After-School Development Program Exposes Youth From Troubled Neighborhoods to Possibilities

On Wednesday morning, about 20 students gathered in a lower level room of the Meyerson Symphony Center in Dallas to act on their futures.

"So this is now our stage," said Antoine Joyce, city leader for the All Stars Project of Dallas. The program uses performance art to expose youth from some of Dallas' poorest neighborhoods to a world they might not otherwise see.

"I grew up poor in New York City," Joyce said. "You had to have a tough performance to kind of stay alive, but when you get into corporate America there's a different performance. Then, when you're at church, there's a different performance. There's even a different performance in school."

Cam'ron Mosley has been in the All Stars Project for three years. He said were it not for his father and All Stars, he might have gone down a troubled path that he's seen others walk.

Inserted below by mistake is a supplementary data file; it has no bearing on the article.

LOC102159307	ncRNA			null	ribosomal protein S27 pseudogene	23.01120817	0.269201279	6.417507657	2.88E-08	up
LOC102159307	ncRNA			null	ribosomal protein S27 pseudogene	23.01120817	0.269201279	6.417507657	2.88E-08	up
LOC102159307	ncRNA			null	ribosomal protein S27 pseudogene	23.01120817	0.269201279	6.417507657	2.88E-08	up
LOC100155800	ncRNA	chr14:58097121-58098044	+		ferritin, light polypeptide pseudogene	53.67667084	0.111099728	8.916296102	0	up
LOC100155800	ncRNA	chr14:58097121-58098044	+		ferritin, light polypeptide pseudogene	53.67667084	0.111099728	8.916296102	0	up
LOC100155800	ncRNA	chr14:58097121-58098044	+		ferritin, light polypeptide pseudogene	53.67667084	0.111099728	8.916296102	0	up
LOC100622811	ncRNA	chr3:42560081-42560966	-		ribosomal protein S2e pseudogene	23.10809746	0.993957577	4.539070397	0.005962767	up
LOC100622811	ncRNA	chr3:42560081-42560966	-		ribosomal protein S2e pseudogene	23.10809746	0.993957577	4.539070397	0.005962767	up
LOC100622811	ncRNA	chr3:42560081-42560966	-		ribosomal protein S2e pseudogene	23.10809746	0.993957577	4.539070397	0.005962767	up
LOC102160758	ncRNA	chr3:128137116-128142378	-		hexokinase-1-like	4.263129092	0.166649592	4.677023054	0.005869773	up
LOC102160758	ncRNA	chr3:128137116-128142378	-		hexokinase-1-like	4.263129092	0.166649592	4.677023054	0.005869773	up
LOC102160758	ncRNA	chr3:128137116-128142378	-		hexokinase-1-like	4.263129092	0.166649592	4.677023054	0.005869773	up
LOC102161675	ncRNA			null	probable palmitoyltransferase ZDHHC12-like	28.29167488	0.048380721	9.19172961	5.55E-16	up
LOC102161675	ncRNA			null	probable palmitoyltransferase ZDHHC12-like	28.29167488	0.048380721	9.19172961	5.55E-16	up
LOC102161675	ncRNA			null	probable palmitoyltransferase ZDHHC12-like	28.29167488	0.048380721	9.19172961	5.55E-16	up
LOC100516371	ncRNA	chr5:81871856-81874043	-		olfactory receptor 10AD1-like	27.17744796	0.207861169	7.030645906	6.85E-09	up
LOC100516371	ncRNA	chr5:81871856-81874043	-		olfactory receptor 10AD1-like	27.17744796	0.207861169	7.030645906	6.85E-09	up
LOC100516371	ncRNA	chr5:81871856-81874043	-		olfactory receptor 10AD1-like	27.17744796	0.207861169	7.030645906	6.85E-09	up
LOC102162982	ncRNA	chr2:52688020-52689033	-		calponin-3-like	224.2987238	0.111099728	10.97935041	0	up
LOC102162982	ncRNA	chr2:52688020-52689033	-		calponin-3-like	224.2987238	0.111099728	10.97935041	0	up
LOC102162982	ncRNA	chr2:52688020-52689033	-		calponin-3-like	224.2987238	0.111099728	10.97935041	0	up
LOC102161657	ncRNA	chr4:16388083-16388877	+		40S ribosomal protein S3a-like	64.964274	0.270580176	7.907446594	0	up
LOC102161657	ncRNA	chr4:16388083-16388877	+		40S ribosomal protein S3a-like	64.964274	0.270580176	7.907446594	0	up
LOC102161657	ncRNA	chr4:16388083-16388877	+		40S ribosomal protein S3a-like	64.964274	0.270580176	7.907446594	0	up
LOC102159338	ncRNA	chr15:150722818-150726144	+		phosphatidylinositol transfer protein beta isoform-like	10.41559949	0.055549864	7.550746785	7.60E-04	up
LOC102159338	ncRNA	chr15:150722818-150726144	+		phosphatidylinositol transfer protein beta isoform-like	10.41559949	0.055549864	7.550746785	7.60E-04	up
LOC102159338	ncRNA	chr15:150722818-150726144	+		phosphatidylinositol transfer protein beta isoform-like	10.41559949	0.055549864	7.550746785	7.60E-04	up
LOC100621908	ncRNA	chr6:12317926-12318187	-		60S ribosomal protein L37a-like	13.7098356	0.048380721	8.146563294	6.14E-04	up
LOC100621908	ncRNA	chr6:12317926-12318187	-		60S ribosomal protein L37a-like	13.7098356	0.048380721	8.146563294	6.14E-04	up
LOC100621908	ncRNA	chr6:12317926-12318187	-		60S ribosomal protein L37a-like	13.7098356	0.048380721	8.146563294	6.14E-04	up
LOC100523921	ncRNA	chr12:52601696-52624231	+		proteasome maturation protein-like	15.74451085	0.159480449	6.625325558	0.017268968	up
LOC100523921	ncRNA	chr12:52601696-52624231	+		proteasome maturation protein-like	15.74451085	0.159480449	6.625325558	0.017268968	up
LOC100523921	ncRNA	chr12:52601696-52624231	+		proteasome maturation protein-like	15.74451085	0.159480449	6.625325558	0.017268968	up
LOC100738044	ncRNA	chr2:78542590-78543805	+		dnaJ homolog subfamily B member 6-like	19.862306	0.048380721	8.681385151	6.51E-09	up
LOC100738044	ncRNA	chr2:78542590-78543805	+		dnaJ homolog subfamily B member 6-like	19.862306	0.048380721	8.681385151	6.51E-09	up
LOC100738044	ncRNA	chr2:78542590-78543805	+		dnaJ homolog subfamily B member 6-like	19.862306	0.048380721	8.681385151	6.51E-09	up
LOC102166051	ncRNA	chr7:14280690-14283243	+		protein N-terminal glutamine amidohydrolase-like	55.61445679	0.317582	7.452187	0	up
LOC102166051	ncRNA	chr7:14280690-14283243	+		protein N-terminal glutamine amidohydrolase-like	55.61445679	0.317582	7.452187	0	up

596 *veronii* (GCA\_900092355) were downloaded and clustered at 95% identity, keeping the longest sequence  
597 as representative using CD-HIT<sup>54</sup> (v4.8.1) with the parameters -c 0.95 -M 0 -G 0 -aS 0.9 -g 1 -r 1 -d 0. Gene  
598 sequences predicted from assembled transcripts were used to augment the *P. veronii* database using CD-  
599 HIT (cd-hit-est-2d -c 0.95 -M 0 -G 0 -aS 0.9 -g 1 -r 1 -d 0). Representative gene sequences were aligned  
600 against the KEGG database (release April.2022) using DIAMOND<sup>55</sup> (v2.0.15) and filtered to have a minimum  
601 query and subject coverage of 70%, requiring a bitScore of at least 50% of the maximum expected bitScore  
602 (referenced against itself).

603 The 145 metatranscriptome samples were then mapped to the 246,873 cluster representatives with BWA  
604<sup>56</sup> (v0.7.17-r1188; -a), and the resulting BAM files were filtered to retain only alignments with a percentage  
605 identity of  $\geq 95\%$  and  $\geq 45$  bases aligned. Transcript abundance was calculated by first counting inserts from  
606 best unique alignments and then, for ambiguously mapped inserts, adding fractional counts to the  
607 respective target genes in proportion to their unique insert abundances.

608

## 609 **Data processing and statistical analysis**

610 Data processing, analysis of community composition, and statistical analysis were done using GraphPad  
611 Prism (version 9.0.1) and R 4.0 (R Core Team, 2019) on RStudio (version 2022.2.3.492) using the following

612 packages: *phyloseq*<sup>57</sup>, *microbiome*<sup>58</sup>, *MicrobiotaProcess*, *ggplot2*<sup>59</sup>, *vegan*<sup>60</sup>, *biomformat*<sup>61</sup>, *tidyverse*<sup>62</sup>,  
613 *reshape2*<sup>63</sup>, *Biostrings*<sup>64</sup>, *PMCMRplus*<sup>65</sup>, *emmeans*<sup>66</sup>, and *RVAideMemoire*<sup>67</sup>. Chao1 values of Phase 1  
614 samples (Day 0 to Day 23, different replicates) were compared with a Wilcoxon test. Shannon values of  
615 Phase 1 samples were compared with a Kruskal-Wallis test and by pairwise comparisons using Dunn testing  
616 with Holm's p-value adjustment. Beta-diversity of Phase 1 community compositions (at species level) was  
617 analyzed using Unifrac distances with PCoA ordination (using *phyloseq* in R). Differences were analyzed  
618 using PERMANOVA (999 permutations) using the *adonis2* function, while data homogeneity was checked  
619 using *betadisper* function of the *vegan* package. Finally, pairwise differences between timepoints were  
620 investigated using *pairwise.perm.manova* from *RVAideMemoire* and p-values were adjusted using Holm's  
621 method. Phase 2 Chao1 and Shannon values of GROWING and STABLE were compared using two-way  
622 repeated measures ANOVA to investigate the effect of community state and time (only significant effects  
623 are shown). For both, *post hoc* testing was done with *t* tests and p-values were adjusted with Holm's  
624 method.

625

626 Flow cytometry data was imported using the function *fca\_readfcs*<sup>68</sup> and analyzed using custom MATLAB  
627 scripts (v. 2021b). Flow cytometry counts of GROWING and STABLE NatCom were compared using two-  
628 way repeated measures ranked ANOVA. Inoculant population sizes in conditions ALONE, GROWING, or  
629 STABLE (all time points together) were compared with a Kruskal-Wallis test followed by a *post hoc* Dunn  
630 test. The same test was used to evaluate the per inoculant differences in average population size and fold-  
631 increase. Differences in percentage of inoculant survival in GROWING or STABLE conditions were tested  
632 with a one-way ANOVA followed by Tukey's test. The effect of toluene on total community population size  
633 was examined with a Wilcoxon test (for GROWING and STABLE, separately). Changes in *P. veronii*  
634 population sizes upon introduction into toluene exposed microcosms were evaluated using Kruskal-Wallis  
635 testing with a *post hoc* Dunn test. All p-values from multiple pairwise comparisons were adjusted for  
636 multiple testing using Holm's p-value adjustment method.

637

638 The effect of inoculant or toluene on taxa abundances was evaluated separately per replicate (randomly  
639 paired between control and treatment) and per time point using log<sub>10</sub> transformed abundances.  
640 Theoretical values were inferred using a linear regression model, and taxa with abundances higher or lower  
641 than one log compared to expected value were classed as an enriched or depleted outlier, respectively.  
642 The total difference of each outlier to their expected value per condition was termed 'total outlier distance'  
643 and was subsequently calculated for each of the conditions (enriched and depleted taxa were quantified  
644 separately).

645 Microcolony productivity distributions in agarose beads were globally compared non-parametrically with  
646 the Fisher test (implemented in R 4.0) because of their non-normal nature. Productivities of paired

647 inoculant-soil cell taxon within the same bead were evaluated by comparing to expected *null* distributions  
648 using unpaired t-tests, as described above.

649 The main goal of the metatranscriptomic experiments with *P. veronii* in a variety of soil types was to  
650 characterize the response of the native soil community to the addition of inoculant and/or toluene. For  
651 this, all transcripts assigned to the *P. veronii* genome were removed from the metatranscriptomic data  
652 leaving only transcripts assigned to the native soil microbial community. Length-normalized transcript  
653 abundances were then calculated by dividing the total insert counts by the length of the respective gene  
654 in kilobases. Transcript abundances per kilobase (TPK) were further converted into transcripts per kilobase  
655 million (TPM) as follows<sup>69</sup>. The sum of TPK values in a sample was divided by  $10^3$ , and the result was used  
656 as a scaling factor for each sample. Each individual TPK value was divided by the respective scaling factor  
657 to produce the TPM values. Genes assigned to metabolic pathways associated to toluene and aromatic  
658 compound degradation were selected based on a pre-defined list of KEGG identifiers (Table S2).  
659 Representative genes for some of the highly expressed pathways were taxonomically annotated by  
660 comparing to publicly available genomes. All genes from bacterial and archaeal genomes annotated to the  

"They feel like the only way they can solve their problems is to go get a gun, you know kill someone, take someone else's life to earn their respect," said Mosley, a 19-year old from Cedar Hill. "There's a lot of youth dying behind respect."

Mosley is in the All Stars leadership program. He will spend the summer in a paid business internship.

The All Stars Project connects youth with mentors and role models. On Wednesday, the reigning Miss America, Nia Franklin, spoke to the students.

"It's not just about the color of my skin," Franklin said. She is one of three women of color to hold major pageant titles this year. "It can be the norm."

"I was excited because I've never met Miss America," 8-year-old Maya Hill said, though she had a different goal for her future. "A scientist. Because I want to help people."

Contact Us